Sector needs clarity on post-Brexit funding

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The Scottish Government has called for answers on a replacement for European structural funding once Britain leaves the EU

5th February 2019 by Gareth Jones 0 Comments

The Scottish Government has asked for assurances amid concerns over third sector funding after Brexit.

Communities Secretary Aileen Campbell has written to the UK government calling for clarity over what will be in place to replace the vital funds provided by the European Union (EU).

The letter stresses that as a result of the UK government’s chosen route for exiting the EU, charities will no longer have access to millions of pounds of structural funding.

Campbell has called for third sector fears over the loss of these funds to be addressed. Westminster has proposed the UK Shared Prosperity Fund as replacement for existing EU funding streams, but so far details released on how the fund will operate have been sparse.

She said: “Scotland has benefitted from billions in European Structural Fund money since joining the EU in 1973. These funds have been used to support people getting into work and out of poverty, improving their education and skills, and investing in our infrastructure and communities.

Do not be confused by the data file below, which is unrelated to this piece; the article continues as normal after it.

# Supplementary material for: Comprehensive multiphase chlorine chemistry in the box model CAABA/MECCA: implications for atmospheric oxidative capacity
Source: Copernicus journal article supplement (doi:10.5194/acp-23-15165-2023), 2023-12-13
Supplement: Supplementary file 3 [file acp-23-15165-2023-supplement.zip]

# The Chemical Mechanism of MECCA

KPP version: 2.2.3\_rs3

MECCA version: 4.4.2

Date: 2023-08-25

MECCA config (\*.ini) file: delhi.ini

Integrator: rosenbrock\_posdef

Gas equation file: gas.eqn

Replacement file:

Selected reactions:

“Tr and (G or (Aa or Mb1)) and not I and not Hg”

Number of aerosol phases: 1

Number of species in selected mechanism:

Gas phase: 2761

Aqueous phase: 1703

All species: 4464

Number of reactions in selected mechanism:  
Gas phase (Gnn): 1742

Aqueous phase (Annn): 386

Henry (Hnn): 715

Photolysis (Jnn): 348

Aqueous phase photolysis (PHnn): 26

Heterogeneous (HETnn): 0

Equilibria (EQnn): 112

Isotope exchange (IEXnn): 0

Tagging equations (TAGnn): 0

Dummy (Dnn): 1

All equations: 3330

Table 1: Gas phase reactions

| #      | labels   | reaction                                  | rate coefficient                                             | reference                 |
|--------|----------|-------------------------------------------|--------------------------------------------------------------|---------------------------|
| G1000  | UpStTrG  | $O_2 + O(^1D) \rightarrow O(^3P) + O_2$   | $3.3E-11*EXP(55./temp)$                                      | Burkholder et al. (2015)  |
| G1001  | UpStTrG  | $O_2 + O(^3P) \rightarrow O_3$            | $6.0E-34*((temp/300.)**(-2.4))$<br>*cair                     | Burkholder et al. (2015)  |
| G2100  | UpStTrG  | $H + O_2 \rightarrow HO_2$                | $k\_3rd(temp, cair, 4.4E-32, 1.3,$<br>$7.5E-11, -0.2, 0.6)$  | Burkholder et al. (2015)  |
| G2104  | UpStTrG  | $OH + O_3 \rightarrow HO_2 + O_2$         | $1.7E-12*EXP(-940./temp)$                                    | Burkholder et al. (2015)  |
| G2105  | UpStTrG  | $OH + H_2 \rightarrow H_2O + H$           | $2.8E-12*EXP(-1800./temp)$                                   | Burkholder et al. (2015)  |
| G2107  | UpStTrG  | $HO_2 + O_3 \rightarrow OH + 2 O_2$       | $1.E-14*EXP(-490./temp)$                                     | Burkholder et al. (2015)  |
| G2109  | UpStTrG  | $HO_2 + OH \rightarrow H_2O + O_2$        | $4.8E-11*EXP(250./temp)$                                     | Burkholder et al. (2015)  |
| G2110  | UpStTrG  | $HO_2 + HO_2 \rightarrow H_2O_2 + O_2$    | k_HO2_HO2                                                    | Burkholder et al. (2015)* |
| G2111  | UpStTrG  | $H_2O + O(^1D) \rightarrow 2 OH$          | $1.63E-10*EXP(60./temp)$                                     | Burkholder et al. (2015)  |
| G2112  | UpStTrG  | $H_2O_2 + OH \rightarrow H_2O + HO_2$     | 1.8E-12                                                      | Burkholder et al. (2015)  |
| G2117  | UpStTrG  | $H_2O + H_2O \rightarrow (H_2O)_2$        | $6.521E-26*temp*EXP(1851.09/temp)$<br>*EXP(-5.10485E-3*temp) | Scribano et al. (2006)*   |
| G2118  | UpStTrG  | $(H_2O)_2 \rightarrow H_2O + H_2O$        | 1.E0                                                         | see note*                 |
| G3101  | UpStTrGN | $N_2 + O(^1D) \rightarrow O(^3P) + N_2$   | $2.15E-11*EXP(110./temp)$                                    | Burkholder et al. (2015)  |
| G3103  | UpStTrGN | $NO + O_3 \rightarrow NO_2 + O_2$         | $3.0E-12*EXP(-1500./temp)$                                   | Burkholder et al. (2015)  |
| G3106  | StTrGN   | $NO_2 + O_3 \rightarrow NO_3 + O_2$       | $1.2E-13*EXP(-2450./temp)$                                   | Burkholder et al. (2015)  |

"The UK government has recognised the value of these programmes and committed to replace them, but despite promises to put forward a consultation on the proposed replacement, we are still waiting. I have written to the UK’s minister for communities asking for clarity on this issue.

“We are absolutely clear that we expect the value of the funds to remain at least the same and that we retain the ability to design and operate them in line with the best interests of Scotland.”

The cabinet secretary met Anna Fowlie, chief executive of the Scottish Council for Voluntary Organisations (SCVO), to discuss third sector concerns and hear more about the organisation’s proposals for the development of any future programmes.

Fowlie said: "The uncertainty that surrounds Brexit is causing significant concerns for the voluntary sector in Scotland. Funding is just one element of this, but a very important one that the UK government could offer reassurance on right now. We keep hearing there will be successor funding but nothing concrete with seven weeks to go.

“This is unacceptable and places communities at risk of losing vital support. SCVO stands ready to work with UK and Scottish governments to make sure that successor funding arrangements work well. Let’s get on with it now.”